Conventional gradient algorithms often produce too many local minima, and low gradient values at blurred edges, leading to possibly inaccurate segmentation. A solution is to use a multiscale morphological gradient operator that provides better segmentation after removing local minima using morphological methods.

Watershed segmentation divides an image into watersheds. In particular, the pixel by pixel intensities can be analogized to topographically defined terrain, with pixel intensity being indicative of elevation. Water drainage patterns provide the division. The goal is to find a number of watersheds in the image, each watershed corresponding to and spatially defining a candidate hypoechoic area 210. If many candidates have been determined from the steps above, then the area of each candidate could be computed as well. If the area of a candidate is too small compared to other candidates, it is less likely that the candidate is a blood pool. On the other hand, the shape for each candidate could be determined as well. Specific shape features that are, as mentioned above and in the discussion that is to follow, characteristic of blood pool resulting from chest or abdominal trauma could be used to reduce the number of candidates. Alternatively to watershed segmentation algorithms, other hybrid segmentation techniques could be used to achieve similar results.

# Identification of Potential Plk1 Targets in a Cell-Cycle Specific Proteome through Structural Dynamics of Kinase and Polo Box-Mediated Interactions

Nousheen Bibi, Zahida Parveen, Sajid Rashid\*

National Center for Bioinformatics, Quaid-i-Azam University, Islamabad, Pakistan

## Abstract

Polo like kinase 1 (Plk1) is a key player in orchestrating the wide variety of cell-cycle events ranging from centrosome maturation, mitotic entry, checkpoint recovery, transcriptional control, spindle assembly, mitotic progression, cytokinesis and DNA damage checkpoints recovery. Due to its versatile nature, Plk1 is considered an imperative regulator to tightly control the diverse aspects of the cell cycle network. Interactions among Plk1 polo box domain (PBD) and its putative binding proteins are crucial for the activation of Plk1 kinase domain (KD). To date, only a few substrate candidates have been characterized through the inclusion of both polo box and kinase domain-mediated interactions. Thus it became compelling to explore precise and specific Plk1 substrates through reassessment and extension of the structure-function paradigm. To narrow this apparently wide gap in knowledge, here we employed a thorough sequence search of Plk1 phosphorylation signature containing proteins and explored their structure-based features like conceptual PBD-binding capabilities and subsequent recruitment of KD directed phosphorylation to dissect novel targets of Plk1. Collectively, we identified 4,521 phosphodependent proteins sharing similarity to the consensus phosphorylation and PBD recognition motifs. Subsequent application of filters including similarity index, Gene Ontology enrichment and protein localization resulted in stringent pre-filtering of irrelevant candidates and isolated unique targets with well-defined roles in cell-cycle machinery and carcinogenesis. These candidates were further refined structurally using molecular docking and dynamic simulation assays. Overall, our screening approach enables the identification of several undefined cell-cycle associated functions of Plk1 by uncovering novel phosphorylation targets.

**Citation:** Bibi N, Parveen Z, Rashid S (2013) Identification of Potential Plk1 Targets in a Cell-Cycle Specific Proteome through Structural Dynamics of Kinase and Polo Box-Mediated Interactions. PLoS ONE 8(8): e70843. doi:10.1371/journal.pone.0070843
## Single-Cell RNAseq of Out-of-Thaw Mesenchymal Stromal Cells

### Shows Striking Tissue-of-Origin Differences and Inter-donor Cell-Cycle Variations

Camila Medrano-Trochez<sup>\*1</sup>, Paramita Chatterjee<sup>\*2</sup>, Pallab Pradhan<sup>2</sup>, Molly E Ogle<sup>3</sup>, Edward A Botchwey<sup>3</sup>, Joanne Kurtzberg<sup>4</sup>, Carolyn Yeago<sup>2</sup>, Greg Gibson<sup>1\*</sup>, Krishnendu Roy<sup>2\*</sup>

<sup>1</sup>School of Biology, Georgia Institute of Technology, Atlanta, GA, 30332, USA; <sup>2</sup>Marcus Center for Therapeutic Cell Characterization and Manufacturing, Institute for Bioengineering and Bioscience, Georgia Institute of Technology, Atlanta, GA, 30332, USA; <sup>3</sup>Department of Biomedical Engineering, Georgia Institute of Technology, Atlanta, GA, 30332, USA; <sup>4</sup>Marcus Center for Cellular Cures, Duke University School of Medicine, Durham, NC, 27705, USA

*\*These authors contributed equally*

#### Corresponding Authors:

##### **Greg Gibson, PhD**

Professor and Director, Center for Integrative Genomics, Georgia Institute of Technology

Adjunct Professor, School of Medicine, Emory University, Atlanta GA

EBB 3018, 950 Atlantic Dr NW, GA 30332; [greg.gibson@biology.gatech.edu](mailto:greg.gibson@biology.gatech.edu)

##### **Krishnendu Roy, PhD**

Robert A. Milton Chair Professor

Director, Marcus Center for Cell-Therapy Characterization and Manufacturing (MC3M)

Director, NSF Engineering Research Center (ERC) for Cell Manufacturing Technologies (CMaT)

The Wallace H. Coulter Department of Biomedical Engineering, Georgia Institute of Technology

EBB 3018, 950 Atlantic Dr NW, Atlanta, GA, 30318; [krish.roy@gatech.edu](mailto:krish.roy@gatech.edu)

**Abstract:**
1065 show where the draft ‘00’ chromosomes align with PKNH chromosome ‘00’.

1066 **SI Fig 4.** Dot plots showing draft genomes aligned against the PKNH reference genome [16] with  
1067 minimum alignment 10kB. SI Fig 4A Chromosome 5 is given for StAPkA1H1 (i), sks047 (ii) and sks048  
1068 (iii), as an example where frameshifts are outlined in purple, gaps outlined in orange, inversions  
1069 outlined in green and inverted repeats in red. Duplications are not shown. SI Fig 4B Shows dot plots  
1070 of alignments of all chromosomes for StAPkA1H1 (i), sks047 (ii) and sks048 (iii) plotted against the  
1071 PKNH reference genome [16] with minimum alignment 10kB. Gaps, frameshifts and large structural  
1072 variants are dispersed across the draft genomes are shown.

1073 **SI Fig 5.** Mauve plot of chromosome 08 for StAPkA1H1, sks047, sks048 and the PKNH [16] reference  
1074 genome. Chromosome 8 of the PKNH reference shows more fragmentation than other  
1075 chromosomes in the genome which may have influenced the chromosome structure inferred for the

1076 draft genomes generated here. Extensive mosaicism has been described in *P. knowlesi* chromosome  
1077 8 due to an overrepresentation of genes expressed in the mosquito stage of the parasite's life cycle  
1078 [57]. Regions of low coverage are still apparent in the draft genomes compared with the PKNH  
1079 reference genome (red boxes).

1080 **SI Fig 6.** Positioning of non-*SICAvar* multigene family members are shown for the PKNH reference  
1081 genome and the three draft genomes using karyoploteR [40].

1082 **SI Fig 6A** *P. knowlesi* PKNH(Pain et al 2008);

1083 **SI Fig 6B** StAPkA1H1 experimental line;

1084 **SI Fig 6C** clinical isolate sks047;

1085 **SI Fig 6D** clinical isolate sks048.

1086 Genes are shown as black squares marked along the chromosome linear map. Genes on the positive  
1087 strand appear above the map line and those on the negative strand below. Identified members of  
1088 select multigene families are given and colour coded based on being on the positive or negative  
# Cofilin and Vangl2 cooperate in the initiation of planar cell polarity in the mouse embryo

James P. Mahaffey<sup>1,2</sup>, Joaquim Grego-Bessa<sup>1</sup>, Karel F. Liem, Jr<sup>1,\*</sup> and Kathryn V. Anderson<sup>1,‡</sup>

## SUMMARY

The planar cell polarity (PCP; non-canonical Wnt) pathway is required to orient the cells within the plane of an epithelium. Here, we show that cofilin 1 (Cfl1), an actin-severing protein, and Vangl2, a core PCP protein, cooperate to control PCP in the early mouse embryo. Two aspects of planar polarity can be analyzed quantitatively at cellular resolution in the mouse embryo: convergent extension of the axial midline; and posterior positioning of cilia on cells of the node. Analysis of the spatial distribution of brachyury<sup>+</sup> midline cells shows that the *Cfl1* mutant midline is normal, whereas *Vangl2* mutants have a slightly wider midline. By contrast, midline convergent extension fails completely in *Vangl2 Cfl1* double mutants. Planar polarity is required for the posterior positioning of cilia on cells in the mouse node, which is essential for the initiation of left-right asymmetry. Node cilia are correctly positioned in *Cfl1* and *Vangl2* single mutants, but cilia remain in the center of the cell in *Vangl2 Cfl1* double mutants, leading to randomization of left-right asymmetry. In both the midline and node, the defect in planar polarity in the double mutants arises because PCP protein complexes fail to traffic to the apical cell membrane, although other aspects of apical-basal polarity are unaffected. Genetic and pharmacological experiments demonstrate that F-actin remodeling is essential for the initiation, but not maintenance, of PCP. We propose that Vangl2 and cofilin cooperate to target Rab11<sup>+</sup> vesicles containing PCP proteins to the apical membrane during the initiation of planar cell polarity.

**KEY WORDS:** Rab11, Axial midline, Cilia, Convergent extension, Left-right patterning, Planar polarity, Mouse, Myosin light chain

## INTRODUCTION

Alternatively, the hypoechoic areas 210 can be detected and defined by cluster analysis on spatially adjacent pixels of sufficiently low brightness.